College cashing in on 'ghost students' unconscionable

After a long-running litigation battle that began in 2018, the Federal Court of Australia has handed down its decision in Australian Competition and Consumer Commission v Productivity Partners Pty Ltd (trading as Captain Cook College) (No 3) [2021] FCA 737, where it found Productivity Partners Pty Ltd, trading as Captain Cook College (College), had engaged in systematic unconscionable conduct in its enrolment of students who racked up significant debt and never finished, or even engaged with, their courses.


Background

The College was a registered training organisation and a vocational education and training (VET) provider that supplied diploma-level courses to students. The students were entitled to apply for and receive a loan from the Commonwealth to pay the course fees under a scheme known as VET-FEE HELP (Scheme), where an amount of money per student was paid by the Commonwealth Government directly to the institution if the student remained enrolled until the census date, and the students would then pay back 120% of the loan to the Commonwealth once their income was above a certain threshold.


In order to market its courses and recruit students, the College contracted with third party recruiters and course advisers. These recruiters received commission if a consumer was enrolled past the census date.


During the period from 7 September and 18 December 2015 (Relevant Period) the College enrolled over 7,000 students in online courses in subjects such as business, project management and human resource management, and claimed over $50 million from the Commonwealth under the Scheme. Also during the Relevant Period, the College made significant changes to its enrolment and withdrawal processes (Process Changes) so that ghost students were not contacted or automatically dropped out of their courses for 0% attendance.


During trial it was revealed that more than 90% of students had not completed any part of their online course, and around 86% never logged into the course at all.


The ACCC argued that the College had engaged in systematic unconscionable conduct, in contravention of section 21(4)(b) of the ACL, by:

  1. making the Process Changes when it knew, or ought to have known, that the changes would have the effect of significantly reducing protections for students. It argued the Process Changes were calculated purely to increase the College’s profits by increasing the number of students enrolled; and

  2. claiming and/or retaining vastly increased revenue under the Scheme which was generated by its implementation of the Process Changes.

Decision

The Court said that when assessing alleged breaches of section 21(4)(b), it is wrong to isolate each integer of the system and determine unconscionability on that basis. Instead, it is the system as a whole as constituted by, potentially, many inter-related integers that is to be assessed:


The Court found that the College had engaged in a system of unconscionable conduct in that (at [499]):


the [C]ollege well knew that its dramatic increase in revenue and turnaround in profits was substantially built on [revenue from the Scheme] in respect of students who may have been the victims of [misconduct], were unsuitable for enrolment, should not have been enrolled and who would gain no benefit whatsoever from their enrolment, yet who incurred very substantial debts to the Commonwealth as a result of their enrolment.”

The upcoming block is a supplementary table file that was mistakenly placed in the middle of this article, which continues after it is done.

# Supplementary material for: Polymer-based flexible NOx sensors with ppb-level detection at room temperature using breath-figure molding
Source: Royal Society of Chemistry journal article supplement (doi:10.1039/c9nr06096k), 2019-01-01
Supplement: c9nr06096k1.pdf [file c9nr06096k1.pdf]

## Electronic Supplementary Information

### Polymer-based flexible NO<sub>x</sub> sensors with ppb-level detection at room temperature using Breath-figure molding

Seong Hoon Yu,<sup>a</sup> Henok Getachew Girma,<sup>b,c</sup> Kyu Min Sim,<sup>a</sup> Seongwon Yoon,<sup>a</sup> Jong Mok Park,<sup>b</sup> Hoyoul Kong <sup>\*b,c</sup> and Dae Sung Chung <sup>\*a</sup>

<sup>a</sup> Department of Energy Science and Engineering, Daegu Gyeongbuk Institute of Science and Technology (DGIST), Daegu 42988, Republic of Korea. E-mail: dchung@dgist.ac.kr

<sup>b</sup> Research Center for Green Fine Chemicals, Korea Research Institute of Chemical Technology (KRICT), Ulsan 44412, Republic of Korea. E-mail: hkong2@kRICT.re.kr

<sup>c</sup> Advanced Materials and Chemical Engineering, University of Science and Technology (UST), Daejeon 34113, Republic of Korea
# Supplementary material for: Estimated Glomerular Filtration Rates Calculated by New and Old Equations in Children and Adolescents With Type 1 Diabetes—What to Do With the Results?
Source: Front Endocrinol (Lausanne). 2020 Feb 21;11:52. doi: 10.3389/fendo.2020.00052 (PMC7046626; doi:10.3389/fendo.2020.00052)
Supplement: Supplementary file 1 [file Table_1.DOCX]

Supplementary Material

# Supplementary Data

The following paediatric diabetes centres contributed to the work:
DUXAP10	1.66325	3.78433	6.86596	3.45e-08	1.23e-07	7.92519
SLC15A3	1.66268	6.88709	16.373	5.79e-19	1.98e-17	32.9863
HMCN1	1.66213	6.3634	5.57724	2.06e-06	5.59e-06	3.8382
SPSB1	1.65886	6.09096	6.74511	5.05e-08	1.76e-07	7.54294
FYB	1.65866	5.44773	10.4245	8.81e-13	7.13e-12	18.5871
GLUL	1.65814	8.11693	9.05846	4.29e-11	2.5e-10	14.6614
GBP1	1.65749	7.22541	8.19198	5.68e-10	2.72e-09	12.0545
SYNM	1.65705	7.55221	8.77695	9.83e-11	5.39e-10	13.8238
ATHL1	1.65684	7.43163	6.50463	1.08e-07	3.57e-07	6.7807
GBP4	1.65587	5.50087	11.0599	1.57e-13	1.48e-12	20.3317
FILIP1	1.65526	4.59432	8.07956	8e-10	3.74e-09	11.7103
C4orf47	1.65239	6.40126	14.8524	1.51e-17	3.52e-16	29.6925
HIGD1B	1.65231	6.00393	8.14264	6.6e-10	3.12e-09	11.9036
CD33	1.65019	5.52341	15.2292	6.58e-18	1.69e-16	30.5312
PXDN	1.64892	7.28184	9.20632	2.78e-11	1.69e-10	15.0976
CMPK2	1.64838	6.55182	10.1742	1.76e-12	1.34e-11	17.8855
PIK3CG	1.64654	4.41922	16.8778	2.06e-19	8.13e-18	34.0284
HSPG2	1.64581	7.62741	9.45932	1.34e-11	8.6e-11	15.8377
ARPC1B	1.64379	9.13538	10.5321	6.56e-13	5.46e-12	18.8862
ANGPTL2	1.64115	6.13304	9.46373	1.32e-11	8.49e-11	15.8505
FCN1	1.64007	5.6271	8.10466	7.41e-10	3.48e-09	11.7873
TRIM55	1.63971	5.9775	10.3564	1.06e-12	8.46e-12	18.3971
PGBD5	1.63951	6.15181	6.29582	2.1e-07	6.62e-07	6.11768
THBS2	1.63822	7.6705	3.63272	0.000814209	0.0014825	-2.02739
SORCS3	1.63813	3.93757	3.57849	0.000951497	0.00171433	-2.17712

Allowing students who failed to log into to their course and were unable to be contacted by the College to progress through census so that the College could claim the revenue under the Scheme from the Commonwealth (at [500]):


"was to act against conscience; it was a sharp practice that was manifestly unfair to such consumers; it was driven by avarice without regard to the interests of such consumers; it preyed on their vulnerability.”


With regard specifically to the claiming and retention of the revenue under the Scheme, the Court rejected the College’s argument that it had simply followed the rules of the Scheme, saying (at [507]):


“if the system of conduct or pattern of behaviour that is complained of is unconscionable, then to claim and retain the windfall benefits of that conduct is also unconscionable.


The Court noted there were fundamental flaws with the Scheme, rejecting the College’s argument that its policies were not unconscionable given other VET providers in Australia had the same or similar policies, saying (at [517]):


"the fact that something is a common practice in the particular sector of the market does not mean, necessarily, that it is not unconscionable. To put it differently, just because everyone is rorting a poorly designed and/or administered scheme does not mean that no one’s rorting is unconscionable.


The College was also found to have breached other sections of the ACL, by making false or misleading representations and failing to comply with the requirements for unsolicited consumer agreements in dealing with certain consumers. Its parent company, Site Group International, and the College’s former CEO and COO were also found to have been knowingly concerned in the College’s unconscionable conduct.


The Court will determine penalties and other orders at a later date.


By Louise Gehrig and Sam Williams